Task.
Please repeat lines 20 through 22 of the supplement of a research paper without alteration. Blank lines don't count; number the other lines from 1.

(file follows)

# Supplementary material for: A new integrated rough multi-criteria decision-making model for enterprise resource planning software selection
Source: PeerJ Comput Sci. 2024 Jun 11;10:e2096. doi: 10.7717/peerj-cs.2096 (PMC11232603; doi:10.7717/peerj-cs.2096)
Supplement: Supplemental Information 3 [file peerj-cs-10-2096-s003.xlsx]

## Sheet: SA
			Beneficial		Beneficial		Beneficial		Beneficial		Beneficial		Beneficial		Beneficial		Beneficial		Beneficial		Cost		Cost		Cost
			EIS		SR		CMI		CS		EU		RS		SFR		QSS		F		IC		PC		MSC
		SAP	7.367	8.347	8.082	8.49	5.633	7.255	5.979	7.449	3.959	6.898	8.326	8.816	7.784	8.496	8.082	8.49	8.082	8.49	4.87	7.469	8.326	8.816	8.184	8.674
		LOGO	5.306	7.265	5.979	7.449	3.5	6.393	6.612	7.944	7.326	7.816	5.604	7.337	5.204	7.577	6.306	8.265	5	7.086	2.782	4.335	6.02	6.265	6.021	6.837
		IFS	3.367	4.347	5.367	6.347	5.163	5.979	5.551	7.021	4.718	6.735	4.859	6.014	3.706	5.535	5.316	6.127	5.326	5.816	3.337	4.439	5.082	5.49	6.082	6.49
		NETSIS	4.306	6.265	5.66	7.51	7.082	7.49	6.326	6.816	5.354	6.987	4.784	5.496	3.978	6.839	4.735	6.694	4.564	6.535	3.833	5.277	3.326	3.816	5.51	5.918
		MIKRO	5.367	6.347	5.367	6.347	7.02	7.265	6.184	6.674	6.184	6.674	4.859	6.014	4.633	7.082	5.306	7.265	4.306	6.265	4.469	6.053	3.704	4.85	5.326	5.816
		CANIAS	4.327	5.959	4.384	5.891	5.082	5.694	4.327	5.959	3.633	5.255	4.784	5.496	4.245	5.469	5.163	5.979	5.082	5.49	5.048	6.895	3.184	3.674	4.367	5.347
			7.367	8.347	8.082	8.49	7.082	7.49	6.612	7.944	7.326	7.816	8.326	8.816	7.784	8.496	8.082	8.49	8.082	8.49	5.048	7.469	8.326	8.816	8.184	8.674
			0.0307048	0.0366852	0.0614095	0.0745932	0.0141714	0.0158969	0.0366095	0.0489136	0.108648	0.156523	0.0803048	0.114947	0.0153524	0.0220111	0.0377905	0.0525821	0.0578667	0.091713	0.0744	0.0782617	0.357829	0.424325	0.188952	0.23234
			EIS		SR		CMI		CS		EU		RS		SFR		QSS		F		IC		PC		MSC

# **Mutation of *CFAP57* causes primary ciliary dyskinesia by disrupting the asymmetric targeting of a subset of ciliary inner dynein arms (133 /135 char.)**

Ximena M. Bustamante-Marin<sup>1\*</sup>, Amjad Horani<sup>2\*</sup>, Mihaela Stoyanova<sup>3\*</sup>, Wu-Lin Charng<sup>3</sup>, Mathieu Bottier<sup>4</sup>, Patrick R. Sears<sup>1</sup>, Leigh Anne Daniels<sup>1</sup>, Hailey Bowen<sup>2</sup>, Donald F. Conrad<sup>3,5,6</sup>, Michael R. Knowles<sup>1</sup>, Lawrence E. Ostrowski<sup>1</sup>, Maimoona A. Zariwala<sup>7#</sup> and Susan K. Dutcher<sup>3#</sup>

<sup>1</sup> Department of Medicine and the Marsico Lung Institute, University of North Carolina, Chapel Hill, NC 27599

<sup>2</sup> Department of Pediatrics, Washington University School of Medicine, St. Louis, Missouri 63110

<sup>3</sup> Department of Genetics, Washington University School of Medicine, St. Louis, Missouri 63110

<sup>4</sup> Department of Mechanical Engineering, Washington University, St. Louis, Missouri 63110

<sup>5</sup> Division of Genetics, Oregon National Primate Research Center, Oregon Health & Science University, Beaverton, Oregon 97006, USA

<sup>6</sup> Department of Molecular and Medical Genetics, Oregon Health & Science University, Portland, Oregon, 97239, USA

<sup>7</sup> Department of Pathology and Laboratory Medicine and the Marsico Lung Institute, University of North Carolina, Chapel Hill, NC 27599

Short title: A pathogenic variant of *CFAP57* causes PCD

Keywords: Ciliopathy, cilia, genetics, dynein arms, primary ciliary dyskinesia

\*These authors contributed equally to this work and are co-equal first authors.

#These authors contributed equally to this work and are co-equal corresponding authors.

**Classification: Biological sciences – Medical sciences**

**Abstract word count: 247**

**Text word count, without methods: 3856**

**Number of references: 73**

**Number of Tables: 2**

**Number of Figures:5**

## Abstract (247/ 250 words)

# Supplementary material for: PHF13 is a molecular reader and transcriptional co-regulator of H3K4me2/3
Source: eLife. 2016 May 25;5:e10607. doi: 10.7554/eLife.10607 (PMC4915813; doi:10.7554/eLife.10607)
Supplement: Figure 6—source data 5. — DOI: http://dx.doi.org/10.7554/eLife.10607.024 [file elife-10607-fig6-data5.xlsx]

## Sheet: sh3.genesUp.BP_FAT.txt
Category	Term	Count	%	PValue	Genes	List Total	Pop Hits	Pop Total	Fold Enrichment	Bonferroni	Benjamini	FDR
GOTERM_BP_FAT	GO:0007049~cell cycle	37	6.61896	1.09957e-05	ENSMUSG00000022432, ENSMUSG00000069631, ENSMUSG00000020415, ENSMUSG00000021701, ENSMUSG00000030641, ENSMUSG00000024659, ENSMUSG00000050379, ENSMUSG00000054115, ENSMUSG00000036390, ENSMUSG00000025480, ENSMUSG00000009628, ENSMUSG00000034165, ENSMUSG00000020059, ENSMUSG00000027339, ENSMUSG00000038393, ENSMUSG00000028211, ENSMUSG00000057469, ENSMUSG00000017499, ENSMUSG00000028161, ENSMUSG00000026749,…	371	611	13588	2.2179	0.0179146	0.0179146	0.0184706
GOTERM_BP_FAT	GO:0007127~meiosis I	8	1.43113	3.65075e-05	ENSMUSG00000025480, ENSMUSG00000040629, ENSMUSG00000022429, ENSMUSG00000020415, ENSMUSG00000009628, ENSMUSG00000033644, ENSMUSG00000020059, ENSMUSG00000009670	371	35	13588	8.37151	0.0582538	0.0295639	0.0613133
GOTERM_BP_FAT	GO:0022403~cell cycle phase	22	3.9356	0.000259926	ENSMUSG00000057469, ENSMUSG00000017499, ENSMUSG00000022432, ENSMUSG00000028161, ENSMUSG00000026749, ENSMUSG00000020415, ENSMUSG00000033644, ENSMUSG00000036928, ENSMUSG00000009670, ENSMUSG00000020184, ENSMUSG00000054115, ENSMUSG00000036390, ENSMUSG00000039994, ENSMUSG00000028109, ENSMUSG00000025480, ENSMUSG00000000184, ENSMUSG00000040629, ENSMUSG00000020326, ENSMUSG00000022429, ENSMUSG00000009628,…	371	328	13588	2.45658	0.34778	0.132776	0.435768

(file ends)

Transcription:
<sup>3</sup> Department of Genetics, Washington University School of Medicine, St. Louis, Missouri 63110

<sup>4</sup> Department of Mechanical Engineering, Washington University, St. Louis, Missouri 63110

<sup>5</sup> Division of Genetics, Oregon National Primate Research Center, Oregon Health & Science University, Beaverton, Oregon 97006, USA